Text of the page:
It could be argued that the Government does not seek the key to a lock, but rather the contents of the smartphone. This argument fails, however, because in Fisher, where the analogy was born, and again in Hubbell, the Government never sought the “key” to a lock for its own sake; rather, the Government sought the files being withheld. [12]  Requiring a decryption password (or replacement for one, such as a fingerprint scan) is more akin to requiring the production of a key to a safe because both demand the use of the contents of the mind, and the production is accompanied by the implied factual statements noted above that could prove to be incriminatory.[13]

To be fair, it is obvious that the Government can show a modern smart phone can contain hundreds, if not thousands, of files, and that those files are encrypted as a matter of course. What the People must show, however, is that the phone contains any files at all, and which files the phone contains that may prove useful. [14]  Simply because the phone is encrypted does not necessarily mean the defendant is trying to hide something.[15] The Government must show that it had prior knowledge of either the existence or the whereabouts of the files that it seeks to compel the defendant to produce. [16]

Therefore, the act of a defendant’s decryption and production of the contents of their smartphone sufficiently implicates the Fifth Amendment privilege in most cases. This is because (1) the defendant’s decryption and production of the contents of the drives would be testimonial, not merely a physical act; and (2) the explicit and implicit factual communications associated with the decryption and production are not foregone conclusions. [17]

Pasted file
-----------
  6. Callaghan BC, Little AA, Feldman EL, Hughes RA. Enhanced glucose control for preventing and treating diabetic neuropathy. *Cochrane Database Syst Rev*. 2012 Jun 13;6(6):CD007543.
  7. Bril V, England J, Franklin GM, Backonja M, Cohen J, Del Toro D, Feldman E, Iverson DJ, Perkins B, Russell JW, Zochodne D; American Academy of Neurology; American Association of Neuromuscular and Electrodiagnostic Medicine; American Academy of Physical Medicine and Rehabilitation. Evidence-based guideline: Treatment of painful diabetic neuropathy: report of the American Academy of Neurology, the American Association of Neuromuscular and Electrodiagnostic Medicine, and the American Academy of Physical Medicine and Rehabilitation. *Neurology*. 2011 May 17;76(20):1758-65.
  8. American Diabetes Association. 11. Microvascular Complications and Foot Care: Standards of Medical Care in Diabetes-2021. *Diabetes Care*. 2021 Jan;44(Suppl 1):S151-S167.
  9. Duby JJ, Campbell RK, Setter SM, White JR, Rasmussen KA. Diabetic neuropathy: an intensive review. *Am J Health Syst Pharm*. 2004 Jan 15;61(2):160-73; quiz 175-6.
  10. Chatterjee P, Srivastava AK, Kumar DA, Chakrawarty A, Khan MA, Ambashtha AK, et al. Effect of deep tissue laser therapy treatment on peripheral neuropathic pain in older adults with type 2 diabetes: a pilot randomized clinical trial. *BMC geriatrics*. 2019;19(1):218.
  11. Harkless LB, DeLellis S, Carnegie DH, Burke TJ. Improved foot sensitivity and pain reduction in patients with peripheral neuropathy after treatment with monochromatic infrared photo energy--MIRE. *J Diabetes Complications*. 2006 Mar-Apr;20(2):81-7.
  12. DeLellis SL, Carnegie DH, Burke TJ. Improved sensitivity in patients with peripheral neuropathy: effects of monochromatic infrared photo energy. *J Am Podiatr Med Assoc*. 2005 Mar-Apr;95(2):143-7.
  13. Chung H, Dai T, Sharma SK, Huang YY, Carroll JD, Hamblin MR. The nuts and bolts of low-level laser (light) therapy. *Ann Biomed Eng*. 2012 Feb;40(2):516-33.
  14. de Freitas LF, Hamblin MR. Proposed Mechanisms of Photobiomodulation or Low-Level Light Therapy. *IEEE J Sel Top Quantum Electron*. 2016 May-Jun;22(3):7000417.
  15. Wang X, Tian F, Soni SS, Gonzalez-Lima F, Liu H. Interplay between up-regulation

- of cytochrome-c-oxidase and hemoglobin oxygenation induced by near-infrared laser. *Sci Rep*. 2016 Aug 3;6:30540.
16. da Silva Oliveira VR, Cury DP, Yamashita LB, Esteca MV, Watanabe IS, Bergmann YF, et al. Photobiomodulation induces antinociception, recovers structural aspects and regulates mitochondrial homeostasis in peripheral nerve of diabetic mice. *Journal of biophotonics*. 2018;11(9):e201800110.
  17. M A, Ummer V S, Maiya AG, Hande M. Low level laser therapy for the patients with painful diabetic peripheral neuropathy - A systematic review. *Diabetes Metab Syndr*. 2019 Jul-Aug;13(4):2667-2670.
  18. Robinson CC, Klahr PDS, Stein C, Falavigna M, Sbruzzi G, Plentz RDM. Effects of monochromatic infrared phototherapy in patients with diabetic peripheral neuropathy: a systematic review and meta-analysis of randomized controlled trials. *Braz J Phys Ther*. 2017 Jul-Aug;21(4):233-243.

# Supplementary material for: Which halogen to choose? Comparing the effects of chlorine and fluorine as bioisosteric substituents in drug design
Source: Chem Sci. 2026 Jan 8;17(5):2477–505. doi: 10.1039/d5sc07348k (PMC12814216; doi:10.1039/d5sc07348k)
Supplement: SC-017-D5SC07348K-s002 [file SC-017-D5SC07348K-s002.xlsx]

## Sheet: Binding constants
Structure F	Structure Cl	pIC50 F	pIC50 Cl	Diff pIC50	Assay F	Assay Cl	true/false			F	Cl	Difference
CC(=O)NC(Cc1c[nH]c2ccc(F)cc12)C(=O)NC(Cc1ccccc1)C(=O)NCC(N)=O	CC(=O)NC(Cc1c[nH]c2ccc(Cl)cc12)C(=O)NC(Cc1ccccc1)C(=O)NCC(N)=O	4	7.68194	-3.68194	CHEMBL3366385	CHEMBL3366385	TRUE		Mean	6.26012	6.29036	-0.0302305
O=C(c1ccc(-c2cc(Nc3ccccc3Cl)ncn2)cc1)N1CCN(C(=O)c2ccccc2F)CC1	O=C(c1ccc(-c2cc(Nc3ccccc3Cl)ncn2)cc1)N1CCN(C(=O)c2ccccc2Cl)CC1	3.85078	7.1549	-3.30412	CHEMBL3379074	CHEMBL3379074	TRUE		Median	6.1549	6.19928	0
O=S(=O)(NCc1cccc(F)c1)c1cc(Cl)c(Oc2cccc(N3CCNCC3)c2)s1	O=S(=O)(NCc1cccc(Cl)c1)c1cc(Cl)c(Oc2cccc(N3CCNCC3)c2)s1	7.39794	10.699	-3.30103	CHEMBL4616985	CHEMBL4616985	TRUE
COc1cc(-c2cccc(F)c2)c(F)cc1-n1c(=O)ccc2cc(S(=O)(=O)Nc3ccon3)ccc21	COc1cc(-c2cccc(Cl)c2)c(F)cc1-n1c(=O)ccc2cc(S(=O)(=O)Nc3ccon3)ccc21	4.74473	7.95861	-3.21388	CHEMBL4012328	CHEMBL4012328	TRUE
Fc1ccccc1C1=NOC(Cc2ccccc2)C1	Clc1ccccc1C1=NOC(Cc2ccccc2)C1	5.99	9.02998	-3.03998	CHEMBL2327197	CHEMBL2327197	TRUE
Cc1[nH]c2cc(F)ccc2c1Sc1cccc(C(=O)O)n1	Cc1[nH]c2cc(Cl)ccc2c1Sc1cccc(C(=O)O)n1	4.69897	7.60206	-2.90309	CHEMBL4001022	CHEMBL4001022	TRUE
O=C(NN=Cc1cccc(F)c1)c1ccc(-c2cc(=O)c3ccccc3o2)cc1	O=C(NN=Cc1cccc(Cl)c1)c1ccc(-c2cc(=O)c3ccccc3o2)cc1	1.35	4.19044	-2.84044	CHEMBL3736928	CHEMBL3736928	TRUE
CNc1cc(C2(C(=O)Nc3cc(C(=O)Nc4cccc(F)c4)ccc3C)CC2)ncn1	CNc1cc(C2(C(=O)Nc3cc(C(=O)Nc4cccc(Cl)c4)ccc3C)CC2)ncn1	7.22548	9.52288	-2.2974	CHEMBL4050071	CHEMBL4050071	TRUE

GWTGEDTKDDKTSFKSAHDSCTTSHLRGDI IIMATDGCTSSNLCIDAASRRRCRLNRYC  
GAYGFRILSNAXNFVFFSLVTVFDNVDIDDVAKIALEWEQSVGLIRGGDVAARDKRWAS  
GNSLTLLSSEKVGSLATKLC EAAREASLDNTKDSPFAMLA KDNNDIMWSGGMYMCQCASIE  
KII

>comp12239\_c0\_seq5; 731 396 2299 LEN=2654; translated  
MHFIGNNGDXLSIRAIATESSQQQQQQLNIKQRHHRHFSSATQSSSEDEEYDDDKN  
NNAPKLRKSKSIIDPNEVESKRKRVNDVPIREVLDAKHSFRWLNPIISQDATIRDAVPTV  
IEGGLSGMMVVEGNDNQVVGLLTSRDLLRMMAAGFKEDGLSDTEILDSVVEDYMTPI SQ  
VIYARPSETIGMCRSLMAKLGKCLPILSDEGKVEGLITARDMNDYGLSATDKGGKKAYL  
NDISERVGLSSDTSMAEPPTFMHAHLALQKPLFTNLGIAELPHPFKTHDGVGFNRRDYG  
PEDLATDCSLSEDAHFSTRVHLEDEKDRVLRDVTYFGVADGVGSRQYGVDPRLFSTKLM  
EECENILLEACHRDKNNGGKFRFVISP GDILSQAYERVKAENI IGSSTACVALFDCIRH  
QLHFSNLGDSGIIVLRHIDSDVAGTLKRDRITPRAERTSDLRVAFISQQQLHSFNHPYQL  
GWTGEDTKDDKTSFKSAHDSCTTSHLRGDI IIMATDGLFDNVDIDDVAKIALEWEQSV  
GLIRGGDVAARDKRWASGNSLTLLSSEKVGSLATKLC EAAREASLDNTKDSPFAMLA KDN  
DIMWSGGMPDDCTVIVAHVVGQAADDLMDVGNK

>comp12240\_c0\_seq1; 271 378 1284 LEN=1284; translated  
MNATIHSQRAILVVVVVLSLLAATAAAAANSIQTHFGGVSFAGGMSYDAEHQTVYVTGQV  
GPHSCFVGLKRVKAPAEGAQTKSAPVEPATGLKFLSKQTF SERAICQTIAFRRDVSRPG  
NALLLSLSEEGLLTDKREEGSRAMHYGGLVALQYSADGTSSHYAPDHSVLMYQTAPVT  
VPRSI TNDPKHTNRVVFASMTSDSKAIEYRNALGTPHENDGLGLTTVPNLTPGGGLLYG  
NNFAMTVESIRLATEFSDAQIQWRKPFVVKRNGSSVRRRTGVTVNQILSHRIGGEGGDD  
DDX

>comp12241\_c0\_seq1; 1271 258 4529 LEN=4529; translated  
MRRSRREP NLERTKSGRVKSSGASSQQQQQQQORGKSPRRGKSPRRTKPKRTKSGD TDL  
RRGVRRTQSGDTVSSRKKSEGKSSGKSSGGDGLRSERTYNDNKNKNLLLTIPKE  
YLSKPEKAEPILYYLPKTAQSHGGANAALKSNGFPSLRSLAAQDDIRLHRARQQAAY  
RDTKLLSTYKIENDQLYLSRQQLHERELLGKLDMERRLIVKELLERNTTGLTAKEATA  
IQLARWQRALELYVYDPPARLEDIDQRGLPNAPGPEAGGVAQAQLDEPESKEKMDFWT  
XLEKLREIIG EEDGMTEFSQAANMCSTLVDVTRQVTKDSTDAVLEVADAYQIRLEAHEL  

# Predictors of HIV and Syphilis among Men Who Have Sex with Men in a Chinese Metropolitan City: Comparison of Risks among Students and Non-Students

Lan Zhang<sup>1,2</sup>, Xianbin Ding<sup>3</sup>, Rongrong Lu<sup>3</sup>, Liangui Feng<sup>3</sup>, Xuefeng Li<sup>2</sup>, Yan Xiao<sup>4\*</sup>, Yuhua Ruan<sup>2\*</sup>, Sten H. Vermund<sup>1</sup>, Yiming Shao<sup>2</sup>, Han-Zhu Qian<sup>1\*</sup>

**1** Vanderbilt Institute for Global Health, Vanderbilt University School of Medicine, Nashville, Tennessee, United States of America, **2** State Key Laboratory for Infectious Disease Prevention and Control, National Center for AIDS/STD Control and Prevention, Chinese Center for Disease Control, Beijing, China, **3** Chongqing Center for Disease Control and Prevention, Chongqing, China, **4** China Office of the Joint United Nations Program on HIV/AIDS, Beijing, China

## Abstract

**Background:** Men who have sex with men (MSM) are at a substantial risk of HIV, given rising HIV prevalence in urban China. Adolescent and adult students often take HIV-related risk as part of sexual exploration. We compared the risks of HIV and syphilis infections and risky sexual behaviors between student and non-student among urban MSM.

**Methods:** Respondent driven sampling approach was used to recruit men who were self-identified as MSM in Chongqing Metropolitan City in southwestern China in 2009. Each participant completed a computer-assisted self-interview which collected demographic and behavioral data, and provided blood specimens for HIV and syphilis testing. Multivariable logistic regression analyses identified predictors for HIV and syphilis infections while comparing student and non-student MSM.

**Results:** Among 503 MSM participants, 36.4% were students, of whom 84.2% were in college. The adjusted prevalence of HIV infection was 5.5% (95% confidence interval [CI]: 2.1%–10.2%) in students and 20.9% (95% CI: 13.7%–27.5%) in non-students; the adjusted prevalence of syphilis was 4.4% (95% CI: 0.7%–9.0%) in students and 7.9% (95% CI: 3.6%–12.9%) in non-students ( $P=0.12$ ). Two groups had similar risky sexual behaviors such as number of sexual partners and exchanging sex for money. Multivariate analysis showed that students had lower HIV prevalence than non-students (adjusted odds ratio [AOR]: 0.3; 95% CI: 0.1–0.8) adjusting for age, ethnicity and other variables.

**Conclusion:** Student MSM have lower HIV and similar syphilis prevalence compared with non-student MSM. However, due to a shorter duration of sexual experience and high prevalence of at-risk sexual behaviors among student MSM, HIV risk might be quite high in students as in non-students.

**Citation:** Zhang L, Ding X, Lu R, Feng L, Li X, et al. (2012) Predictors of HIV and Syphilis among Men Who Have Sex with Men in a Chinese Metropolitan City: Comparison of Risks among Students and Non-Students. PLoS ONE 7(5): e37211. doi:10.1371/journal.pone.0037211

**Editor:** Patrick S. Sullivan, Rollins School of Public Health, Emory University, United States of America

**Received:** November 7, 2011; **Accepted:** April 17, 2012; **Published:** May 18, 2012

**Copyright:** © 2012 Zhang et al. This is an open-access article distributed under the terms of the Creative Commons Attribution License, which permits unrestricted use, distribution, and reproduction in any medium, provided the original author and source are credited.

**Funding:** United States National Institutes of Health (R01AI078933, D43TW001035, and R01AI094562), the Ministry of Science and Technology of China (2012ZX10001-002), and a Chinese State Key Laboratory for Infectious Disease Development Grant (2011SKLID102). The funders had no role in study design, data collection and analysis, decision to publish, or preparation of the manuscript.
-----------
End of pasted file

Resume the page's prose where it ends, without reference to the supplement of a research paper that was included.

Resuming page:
The decryption and production of the phone’s contents would require the use of the contents of the defendant’s mind and could not be fairly characterized as a physical act that would be non-testimonial in nature. [18]

This is tantamount to testimony by the defendant of his knowledge of the existence and location of potentially incriminating files; of his possession, control, and access to the encrypted portions of the drives; and of his capability to decrypt the files. [19] The “foregone conclusion” doctrine is likely to be inapplicable because Government often has no knowledge of whether any files exist or the location of those files on the phone. [20]

[1] U.S. v. Wade,388 U.S. 218 (1967).  

[2] United States v. Doe (In re Grand Jury Subpoena Duces Tecum), 670 F.3d 1335 (11th Cir. 2012); See also United States v. Ghidoni, 732 F.2d 814, 816 (11th Cir. 1984) (citing United States v. Authement, 607 F.2d 1129, 1131 (5th Cir. 1979) (per curiam)).

[3] Doe, 670 F.3d at 1341-42.

[4] See United States v. Hubbell, 530 U.S. 27, 35-36 (2000) (noting that it is a “settled proposition that a person may be required to produce specific documents even though they contain incriminating assertions of fact or belief because the creation of those documents was not ‘compelled’ within the meaning of the privilege”).

[5] Doe, 670 F.3d at 1341-42

[6] See Fisher v. United States, 425 U.S. 391 (1976) (“The act of producing evidence in response to a subpoena nevertheless has communicative aspects of its own, wholly aside from the contents of the papers produced.”). 

[7] Fisher, 425 U.S. at 410-11; 391 Doe, 670 F.3d at 1341-42.

[8] See Hubble, 530 U.S. at 36.

[9]Doe, 670 F.3d at 1345 (citing Curcio v. United States, 354 U.S. 118, 128 (1957).

[10] , see Hubbell, 530 U.S. at 43 (citing Doe v. United States, 487 U.S. 201, 210 [1988])

[11] Doe, 670 F.3d at 1346

[12] Hubbell, 530 U.S. at 38 (trying to compel production of documents); Fisher, 425 U.S. at 394-95 (seeking to access contents possessed by attorneys).

[13] See Hubbell, 530 U.S. at 43.

[14] Doe, 670 F.3d at 1346.

[15] Id.

[16] Hubbell, 530 U.S. at 45.

[17] Doe, 670 F.3d at 1346

[18] Id.

[19] Id.

[20] Id.